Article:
The Monster Study

Speech therapist talking with child. (vgajic/Getty Images)

The Monster Study was an experiment intended to test the effects of stigma on childhood stuttering, but it mostly resulted in a whole lot of trauma. In 1939, 22 children from a nearby orphanage, roughly half of whom had a stutter, were brought to a team of psychologists at the University of Iowa headed by Dr. Wendell Johnson to see if labeling a child a "stutterer" versus a "normal speaker" made any difference in their speech development, though perhaps they should have been studying why so many kids at this orphanage had a stutter. Two groups, one of stutterers and one of non-stutterers, were told their speech was fine, instructed to simply practice to overcome any difficulties, and praised for their efforts. Two other, similar groups, however, were chastised for their speech and told not to speak at all unless they were absolutely sure they could articulate properly.

University of Iowa. Schaeffer Hall, location of the College of Liberal Arts and Sciences. (Vkulikov/Wikimedia Commons)

If this was a contest between the carrot or the stick, the carrot won by a long shot. The first two groups' speech improved or at least didn't get worse, but even those in the second groups who previously had no stutter developed problematic speech patterns or simply stopped talking altogether. Some began showing signs of physical distress, such as covering their eyes, and their issues sometimes lasted years beyond the study's conclusion. Eventually, Johnson realized how unethical it was to subject orphaned children to a psychological experiment they didn't even understand, let alone consent to, especially as some of their problems worsened. Moreover, the end of the study coincided with the discovery of horrific pseudoscientific experiments conducted by the Axis powers against prisoners during World War II, so disapproval of nonconsensual studies was at the forefront of the discourse among American scholars.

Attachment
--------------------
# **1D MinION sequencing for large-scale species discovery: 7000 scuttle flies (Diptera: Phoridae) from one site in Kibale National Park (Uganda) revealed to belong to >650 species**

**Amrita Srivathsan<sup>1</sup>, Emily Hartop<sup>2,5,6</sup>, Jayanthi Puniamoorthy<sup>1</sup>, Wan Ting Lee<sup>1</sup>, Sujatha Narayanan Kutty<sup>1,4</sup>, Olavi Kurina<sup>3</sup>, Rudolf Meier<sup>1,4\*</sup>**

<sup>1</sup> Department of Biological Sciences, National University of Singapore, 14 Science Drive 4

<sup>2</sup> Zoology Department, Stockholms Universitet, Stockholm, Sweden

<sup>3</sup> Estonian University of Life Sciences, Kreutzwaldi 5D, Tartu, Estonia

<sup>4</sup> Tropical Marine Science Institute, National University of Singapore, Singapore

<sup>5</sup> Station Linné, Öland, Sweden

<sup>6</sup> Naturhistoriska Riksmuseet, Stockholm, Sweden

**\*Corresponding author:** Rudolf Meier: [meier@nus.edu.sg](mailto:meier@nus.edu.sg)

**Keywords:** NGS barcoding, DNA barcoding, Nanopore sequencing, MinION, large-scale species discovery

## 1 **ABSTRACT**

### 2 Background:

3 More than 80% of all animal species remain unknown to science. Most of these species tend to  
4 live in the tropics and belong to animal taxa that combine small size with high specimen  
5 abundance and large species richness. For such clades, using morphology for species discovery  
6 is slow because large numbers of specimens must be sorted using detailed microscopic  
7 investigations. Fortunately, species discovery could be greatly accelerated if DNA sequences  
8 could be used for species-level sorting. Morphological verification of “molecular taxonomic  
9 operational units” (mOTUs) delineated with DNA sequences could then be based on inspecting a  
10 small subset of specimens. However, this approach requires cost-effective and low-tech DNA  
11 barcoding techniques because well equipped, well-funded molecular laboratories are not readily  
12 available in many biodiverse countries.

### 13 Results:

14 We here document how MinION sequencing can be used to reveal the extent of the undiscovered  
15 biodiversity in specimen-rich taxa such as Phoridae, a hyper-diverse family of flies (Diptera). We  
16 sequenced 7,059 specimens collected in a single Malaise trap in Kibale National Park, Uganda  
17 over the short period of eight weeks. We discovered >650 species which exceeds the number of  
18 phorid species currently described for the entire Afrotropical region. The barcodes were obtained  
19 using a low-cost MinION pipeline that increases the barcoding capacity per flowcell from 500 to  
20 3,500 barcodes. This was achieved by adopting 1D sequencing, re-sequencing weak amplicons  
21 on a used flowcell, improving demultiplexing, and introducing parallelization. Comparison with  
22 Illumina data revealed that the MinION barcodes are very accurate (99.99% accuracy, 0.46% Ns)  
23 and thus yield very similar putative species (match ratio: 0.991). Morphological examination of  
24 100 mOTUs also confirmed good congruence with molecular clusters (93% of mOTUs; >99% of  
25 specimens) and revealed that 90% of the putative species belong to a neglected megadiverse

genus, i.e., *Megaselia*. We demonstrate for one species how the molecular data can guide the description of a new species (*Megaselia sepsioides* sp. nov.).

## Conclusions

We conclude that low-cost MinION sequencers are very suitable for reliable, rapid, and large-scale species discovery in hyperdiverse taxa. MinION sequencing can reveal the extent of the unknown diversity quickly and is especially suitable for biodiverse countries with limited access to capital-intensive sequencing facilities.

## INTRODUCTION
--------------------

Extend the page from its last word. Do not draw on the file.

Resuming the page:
A victim loses consciousness during a depressurization experiment at Dachau by Luftwaffe doctor Sigmund Rascher, 1942. (Sigmund Rascher/Wikimedia Commons)

For all his efforts, Johnson eventually decided not to publish his results, but grad student Mary Tudor used the experiment as her doctoral thesis. When her work was published, she noted that she believed the damage done to the children was significant, though she tried to reverse some of the complications with follow-up care over the following years. Several decades later, the release of the book Ethics: A Case Study From Fluency, which highlighted the study's flaws, brought it once again to public attention. Some speech pathologists did find its ultimate conclusions to be useful, at least insofar as what not to do, but seven of the subjects sued the state of Iowa over the study's lasting effects, and in 2007, they were awarded $1.2 million.